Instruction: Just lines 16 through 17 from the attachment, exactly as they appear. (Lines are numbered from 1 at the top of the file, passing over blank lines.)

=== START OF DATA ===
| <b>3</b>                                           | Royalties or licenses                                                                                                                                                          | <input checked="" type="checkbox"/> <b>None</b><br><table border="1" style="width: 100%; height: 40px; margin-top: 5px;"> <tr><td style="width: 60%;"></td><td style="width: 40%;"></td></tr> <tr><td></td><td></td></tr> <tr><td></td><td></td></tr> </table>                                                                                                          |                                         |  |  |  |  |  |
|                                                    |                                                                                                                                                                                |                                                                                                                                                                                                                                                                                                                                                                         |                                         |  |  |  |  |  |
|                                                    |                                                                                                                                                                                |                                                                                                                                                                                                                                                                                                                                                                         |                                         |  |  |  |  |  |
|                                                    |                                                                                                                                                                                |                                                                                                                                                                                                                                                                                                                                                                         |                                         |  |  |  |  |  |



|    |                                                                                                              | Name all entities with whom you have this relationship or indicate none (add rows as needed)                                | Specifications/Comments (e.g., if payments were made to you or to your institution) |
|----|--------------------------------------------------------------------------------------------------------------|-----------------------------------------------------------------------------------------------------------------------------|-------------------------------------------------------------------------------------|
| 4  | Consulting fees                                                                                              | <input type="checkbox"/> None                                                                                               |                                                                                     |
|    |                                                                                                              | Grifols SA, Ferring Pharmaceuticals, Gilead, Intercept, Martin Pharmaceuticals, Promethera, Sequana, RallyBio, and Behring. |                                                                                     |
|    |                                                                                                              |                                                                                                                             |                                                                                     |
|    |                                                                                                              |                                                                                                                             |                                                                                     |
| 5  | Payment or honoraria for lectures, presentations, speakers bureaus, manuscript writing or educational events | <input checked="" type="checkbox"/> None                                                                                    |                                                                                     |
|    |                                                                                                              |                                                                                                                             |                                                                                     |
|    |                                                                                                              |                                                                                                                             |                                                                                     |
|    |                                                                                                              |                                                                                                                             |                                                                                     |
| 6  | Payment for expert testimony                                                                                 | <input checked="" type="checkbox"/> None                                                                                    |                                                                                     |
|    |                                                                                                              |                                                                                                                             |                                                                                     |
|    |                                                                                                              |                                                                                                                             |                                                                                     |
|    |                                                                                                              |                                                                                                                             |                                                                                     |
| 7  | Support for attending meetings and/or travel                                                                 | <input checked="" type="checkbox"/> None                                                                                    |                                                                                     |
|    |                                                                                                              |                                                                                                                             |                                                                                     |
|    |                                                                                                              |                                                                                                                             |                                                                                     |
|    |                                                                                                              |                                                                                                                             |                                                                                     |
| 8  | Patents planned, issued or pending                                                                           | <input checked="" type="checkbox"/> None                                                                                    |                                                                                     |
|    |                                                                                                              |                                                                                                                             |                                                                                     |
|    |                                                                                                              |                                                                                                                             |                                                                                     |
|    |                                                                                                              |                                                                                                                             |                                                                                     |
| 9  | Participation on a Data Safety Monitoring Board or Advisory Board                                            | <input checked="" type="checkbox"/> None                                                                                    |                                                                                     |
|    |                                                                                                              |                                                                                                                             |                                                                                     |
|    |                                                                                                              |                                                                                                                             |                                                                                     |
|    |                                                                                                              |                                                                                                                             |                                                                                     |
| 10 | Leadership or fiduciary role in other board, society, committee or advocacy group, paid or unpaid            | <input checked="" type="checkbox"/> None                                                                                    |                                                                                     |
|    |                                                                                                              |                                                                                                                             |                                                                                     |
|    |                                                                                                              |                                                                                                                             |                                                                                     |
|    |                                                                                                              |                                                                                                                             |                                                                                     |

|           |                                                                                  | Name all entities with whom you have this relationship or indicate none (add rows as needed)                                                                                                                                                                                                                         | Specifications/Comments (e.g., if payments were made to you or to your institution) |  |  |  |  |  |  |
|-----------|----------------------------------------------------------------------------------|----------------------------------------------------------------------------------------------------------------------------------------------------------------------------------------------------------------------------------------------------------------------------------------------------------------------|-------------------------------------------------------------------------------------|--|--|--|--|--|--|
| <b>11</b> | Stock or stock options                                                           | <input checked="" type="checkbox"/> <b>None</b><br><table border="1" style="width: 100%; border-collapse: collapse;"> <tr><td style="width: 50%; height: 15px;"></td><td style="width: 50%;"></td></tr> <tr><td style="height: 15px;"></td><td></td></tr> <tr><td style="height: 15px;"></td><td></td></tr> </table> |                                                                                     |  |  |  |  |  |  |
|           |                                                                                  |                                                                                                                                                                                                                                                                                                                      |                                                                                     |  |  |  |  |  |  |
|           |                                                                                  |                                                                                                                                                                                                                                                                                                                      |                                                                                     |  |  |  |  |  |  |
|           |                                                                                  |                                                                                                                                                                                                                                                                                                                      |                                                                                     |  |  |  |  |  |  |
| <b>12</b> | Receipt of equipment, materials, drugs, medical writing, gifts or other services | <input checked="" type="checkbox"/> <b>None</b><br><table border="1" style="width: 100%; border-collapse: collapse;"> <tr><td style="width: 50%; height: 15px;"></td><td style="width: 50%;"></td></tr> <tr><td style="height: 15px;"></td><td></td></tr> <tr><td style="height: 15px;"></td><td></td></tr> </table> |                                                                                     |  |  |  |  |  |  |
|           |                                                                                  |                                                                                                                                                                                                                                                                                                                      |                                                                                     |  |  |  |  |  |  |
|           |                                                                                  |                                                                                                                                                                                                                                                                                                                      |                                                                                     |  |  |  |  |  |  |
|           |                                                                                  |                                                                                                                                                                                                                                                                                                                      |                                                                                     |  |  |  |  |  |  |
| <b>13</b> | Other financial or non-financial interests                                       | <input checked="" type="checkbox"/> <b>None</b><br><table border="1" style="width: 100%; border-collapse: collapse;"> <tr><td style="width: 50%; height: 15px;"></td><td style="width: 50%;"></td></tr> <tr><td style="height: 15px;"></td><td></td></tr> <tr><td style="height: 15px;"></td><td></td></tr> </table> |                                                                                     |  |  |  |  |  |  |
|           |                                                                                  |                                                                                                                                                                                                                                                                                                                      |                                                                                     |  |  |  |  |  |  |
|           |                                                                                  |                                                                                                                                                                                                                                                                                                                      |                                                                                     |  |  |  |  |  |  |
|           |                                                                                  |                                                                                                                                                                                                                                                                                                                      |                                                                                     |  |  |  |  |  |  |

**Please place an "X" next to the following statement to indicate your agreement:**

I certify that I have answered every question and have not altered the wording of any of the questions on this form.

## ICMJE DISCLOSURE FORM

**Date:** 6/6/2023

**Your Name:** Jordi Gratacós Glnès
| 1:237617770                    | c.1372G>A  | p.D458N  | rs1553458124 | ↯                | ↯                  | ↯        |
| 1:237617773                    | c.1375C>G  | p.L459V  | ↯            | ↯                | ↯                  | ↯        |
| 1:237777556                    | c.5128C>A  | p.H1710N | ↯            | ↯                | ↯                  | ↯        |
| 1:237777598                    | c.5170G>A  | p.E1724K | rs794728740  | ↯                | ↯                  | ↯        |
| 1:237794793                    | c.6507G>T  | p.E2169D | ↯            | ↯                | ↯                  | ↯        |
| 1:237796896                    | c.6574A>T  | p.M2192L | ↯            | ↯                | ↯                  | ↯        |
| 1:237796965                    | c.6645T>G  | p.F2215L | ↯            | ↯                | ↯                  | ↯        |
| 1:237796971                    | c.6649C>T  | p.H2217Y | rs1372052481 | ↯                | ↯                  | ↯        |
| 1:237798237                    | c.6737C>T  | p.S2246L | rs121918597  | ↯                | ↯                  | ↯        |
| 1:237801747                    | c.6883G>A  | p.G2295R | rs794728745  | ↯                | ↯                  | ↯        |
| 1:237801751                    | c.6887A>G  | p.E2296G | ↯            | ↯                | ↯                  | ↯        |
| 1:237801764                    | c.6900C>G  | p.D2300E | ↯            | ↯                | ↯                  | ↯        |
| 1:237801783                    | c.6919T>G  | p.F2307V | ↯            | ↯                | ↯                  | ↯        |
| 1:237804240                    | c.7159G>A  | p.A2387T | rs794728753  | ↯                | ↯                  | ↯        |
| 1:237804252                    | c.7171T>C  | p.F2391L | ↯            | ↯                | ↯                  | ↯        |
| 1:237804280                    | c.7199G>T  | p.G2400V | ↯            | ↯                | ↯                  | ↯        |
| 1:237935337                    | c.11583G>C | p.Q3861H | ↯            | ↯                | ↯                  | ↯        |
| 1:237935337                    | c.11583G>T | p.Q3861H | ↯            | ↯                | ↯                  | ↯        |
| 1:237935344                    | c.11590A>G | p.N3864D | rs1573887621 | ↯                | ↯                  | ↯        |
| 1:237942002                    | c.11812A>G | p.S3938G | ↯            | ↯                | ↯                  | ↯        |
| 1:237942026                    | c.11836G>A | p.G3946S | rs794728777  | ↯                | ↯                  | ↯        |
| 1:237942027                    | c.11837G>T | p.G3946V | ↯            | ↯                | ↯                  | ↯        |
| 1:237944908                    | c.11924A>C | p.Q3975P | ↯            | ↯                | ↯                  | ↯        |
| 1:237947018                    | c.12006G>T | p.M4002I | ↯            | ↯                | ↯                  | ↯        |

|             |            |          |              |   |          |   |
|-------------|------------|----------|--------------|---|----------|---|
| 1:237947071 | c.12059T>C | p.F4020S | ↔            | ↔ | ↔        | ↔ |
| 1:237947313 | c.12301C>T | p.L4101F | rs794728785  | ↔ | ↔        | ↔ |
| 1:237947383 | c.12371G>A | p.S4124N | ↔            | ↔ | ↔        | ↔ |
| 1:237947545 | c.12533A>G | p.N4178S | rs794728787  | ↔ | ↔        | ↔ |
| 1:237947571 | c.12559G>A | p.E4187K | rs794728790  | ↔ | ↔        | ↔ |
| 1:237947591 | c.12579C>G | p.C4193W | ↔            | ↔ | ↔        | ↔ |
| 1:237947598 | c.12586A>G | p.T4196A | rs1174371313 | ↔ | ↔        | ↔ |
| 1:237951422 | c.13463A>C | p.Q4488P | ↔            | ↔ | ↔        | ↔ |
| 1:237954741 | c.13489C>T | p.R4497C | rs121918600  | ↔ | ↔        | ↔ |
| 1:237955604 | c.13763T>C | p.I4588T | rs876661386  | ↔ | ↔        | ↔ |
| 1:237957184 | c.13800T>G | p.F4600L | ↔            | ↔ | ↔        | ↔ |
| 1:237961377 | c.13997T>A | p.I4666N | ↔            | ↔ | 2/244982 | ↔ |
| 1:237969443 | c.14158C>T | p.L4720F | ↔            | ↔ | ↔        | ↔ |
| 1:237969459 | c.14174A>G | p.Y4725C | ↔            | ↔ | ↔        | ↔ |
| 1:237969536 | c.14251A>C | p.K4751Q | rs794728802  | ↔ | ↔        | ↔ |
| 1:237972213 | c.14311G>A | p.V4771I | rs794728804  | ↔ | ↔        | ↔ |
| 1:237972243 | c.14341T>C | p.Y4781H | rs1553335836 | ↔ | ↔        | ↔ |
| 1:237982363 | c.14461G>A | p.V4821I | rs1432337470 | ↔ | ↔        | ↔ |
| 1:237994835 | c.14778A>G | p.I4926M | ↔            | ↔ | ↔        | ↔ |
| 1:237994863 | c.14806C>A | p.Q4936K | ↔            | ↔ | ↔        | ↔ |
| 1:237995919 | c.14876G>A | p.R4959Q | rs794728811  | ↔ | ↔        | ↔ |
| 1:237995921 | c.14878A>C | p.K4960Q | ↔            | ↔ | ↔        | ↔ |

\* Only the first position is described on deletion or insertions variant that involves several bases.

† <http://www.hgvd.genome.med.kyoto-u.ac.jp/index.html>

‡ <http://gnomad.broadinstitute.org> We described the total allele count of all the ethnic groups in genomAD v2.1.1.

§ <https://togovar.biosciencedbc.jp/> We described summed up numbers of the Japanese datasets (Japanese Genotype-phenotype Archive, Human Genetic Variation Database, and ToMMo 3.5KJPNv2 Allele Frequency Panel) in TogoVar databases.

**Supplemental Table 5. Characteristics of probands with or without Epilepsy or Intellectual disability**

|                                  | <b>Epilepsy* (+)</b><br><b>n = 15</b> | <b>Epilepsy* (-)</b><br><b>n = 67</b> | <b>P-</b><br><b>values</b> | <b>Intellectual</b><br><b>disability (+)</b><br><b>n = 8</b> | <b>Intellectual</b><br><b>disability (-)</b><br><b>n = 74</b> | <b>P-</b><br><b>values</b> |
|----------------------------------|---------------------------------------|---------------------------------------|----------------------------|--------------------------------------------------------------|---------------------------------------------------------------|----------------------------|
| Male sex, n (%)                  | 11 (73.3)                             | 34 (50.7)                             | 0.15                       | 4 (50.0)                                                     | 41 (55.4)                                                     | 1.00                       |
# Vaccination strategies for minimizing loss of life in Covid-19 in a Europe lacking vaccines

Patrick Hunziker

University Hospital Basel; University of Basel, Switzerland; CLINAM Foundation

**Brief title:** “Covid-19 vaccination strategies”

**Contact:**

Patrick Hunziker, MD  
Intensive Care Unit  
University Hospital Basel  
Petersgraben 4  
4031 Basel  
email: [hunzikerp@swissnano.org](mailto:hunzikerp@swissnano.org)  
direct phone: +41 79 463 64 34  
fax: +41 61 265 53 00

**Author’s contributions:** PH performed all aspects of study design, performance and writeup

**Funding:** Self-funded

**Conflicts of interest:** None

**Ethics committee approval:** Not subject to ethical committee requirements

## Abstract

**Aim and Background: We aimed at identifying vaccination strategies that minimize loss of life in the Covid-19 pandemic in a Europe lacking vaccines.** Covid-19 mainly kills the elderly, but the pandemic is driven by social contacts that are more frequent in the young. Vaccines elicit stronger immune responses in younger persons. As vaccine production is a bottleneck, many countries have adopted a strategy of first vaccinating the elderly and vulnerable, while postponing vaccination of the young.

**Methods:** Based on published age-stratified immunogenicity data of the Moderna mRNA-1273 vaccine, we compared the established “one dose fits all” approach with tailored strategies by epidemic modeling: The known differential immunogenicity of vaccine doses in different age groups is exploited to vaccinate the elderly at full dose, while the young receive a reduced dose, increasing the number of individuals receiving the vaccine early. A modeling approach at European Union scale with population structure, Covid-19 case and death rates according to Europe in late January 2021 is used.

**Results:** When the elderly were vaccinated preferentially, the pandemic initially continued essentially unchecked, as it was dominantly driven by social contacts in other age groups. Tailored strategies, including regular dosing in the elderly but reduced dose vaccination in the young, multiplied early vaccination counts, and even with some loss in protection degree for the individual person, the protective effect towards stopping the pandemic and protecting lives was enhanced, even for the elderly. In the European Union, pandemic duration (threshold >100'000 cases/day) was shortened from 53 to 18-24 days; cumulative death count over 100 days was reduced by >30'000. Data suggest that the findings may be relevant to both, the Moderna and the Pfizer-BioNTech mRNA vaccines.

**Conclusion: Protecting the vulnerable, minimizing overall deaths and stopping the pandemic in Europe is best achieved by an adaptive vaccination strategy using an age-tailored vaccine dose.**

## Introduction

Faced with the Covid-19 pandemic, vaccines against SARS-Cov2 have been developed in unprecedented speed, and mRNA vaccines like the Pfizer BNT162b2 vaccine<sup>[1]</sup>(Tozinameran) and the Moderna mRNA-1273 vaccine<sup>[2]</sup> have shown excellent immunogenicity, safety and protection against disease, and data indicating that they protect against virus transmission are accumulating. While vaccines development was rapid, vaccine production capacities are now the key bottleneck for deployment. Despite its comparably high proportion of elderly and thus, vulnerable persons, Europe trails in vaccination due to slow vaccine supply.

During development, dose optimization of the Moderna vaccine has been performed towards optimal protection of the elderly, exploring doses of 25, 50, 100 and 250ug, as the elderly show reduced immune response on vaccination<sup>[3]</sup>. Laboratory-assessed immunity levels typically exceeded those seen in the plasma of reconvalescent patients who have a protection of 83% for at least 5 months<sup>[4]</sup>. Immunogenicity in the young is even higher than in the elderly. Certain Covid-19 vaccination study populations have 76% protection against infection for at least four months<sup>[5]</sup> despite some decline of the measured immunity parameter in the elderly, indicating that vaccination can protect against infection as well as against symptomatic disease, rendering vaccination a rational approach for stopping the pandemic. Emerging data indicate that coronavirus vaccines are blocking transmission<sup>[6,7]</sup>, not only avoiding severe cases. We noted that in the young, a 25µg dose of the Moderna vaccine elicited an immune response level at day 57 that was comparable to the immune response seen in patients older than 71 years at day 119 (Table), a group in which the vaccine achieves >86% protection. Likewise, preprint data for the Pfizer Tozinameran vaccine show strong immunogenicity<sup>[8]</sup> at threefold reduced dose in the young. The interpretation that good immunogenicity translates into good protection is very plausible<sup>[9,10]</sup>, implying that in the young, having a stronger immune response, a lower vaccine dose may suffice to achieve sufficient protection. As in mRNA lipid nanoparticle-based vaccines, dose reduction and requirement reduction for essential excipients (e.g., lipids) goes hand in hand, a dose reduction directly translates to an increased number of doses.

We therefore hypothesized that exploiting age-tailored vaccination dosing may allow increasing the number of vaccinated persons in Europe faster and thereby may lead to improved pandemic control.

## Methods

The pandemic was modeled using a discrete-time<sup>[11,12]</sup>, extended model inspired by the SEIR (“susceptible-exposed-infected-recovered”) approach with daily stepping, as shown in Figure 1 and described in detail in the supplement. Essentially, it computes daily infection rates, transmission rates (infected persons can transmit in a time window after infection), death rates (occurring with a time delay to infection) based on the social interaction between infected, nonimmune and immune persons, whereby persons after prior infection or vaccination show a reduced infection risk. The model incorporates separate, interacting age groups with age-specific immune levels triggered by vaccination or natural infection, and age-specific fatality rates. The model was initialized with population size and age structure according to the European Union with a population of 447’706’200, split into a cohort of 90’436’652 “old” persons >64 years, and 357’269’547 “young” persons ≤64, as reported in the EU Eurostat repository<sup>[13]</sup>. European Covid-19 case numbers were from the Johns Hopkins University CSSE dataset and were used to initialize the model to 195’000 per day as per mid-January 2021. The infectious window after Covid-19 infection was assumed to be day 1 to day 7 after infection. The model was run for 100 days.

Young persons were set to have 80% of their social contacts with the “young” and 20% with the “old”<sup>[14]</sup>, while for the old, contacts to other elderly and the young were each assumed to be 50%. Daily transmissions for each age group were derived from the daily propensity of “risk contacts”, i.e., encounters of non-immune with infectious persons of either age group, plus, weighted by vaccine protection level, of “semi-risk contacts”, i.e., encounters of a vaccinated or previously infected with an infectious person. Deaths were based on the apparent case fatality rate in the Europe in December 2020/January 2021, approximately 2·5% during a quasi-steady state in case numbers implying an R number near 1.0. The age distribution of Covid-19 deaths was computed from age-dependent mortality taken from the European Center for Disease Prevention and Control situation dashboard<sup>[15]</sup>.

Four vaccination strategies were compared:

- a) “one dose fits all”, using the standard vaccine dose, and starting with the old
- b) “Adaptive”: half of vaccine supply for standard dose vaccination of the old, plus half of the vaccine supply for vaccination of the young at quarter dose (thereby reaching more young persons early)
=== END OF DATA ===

|    |                                                                                                              |                                                                                                                             |                                                                                     |
|    |                                                                                                              |                                                                                                                             |                                                                                     |